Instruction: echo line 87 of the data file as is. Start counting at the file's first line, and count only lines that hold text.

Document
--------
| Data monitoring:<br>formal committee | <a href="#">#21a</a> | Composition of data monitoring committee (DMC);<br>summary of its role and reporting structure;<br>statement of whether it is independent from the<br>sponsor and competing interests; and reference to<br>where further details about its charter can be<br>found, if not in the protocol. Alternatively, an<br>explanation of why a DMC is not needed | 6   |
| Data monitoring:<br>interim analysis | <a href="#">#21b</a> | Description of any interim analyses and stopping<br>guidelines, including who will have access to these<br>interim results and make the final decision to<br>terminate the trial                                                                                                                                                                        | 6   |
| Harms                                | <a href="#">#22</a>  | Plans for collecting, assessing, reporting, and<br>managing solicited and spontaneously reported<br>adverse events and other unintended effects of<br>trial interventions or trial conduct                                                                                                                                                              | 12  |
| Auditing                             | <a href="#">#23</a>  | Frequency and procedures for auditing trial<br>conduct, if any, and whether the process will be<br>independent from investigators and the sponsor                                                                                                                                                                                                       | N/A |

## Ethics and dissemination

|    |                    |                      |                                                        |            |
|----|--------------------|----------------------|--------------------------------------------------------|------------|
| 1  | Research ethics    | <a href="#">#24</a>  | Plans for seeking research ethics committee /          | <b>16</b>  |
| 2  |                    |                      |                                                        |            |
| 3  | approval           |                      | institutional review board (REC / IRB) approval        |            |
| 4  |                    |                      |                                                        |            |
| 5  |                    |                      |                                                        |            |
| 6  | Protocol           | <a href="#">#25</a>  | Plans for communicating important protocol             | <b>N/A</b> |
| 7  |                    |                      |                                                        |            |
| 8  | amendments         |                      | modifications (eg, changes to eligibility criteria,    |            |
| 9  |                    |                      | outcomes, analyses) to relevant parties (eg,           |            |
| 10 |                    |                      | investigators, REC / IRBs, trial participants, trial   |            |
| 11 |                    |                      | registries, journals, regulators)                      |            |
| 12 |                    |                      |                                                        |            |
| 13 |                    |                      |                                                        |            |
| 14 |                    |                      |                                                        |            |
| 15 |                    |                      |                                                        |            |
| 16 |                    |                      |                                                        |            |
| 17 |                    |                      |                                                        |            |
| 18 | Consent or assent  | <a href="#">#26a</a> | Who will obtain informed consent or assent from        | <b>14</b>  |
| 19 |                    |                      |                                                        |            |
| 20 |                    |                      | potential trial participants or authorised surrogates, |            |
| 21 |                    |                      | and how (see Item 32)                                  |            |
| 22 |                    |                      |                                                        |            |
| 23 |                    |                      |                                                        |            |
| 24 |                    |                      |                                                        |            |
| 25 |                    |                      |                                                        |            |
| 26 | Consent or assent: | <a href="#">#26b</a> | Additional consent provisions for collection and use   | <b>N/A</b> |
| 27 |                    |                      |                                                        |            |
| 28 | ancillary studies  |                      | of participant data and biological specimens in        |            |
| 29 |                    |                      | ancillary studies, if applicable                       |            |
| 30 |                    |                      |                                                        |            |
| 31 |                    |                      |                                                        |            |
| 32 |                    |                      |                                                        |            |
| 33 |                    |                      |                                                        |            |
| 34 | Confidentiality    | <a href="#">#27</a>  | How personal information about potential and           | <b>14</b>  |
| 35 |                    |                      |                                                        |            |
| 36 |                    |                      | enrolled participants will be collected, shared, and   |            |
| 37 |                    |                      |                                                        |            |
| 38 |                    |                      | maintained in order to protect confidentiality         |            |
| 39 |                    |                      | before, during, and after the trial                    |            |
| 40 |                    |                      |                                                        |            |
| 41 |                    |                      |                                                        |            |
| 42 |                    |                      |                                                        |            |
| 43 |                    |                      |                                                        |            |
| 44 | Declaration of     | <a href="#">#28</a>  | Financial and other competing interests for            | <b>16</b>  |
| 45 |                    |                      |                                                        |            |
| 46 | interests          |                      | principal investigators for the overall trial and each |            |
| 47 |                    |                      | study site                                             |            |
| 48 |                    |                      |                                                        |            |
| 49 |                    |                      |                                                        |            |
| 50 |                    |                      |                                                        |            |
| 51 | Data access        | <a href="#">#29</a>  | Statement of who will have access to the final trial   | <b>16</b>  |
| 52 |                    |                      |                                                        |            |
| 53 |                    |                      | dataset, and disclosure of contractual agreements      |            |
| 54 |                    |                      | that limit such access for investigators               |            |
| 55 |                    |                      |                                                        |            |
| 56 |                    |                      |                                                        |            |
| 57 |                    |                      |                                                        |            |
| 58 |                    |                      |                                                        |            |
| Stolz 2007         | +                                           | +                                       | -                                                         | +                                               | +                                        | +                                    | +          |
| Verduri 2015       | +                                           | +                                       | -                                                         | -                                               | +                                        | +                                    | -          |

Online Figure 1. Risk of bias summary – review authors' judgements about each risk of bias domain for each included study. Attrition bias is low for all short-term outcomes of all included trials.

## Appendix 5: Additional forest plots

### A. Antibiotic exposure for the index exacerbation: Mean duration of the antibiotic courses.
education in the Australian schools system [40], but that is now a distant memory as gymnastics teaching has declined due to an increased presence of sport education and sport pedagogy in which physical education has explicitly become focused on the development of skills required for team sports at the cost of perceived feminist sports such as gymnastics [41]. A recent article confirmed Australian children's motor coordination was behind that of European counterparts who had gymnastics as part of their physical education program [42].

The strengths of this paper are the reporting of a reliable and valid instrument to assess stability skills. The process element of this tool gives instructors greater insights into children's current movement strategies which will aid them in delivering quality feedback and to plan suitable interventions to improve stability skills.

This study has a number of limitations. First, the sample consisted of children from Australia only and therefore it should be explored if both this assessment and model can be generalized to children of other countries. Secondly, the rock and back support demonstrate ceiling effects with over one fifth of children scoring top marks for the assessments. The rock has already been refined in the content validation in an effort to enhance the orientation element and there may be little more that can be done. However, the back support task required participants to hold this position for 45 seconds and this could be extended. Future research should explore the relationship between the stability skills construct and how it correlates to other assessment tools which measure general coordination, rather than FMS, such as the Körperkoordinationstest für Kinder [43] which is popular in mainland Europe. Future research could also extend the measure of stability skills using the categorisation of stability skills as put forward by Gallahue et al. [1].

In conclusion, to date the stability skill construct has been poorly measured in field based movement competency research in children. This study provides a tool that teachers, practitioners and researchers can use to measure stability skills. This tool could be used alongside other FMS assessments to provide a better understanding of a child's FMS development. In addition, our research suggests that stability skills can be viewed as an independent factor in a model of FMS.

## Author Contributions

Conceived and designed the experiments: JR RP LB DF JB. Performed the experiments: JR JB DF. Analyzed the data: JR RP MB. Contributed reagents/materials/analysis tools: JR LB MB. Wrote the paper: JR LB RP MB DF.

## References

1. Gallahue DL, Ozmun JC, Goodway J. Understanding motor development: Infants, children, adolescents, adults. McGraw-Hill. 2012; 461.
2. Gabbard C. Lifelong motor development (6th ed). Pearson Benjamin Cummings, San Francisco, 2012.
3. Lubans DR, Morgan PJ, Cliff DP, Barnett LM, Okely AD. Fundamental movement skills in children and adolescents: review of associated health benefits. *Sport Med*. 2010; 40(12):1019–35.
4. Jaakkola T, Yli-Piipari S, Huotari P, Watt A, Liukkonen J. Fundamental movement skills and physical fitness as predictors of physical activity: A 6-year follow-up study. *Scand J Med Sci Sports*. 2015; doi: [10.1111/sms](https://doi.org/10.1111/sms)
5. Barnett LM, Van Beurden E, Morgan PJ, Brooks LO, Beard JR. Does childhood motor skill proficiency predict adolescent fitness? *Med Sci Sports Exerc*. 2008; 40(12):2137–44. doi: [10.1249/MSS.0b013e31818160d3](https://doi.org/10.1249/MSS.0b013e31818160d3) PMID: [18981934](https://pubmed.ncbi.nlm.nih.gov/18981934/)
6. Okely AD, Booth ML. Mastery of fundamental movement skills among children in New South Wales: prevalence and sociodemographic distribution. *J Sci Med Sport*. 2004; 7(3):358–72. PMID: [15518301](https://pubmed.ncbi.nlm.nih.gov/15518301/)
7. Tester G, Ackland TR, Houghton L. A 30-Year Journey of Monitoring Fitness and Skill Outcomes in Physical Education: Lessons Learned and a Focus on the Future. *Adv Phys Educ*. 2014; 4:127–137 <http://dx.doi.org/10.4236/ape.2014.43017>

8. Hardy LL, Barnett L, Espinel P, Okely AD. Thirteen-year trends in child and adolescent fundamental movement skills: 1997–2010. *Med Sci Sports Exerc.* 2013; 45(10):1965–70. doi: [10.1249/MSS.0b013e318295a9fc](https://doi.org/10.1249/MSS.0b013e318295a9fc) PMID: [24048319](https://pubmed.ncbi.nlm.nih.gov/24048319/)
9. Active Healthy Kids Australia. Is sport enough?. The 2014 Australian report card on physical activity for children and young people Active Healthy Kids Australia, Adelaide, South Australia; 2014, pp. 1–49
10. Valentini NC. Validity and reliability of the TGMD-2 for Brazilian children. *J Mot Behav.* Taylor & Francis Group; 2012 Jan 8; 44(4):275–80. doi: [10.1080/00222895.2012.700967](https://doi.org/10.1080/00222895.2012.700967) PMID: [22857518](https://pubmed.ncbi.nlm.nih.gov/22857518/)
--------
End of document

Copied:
10. Valentini NC. Validity and reliability of the TGMD-2 for Brazilian children. *J Mot Behav.* Taylor & Francis Group; 2012 Jan 8; 44(4):275–80. doi: [10.1080/00222895.2012.700967](https://doi.org/10.1080/00222895.2012.700967) PMID: [22857518](https://pubmed.ncbi.nlm.nih.gov/22857518/)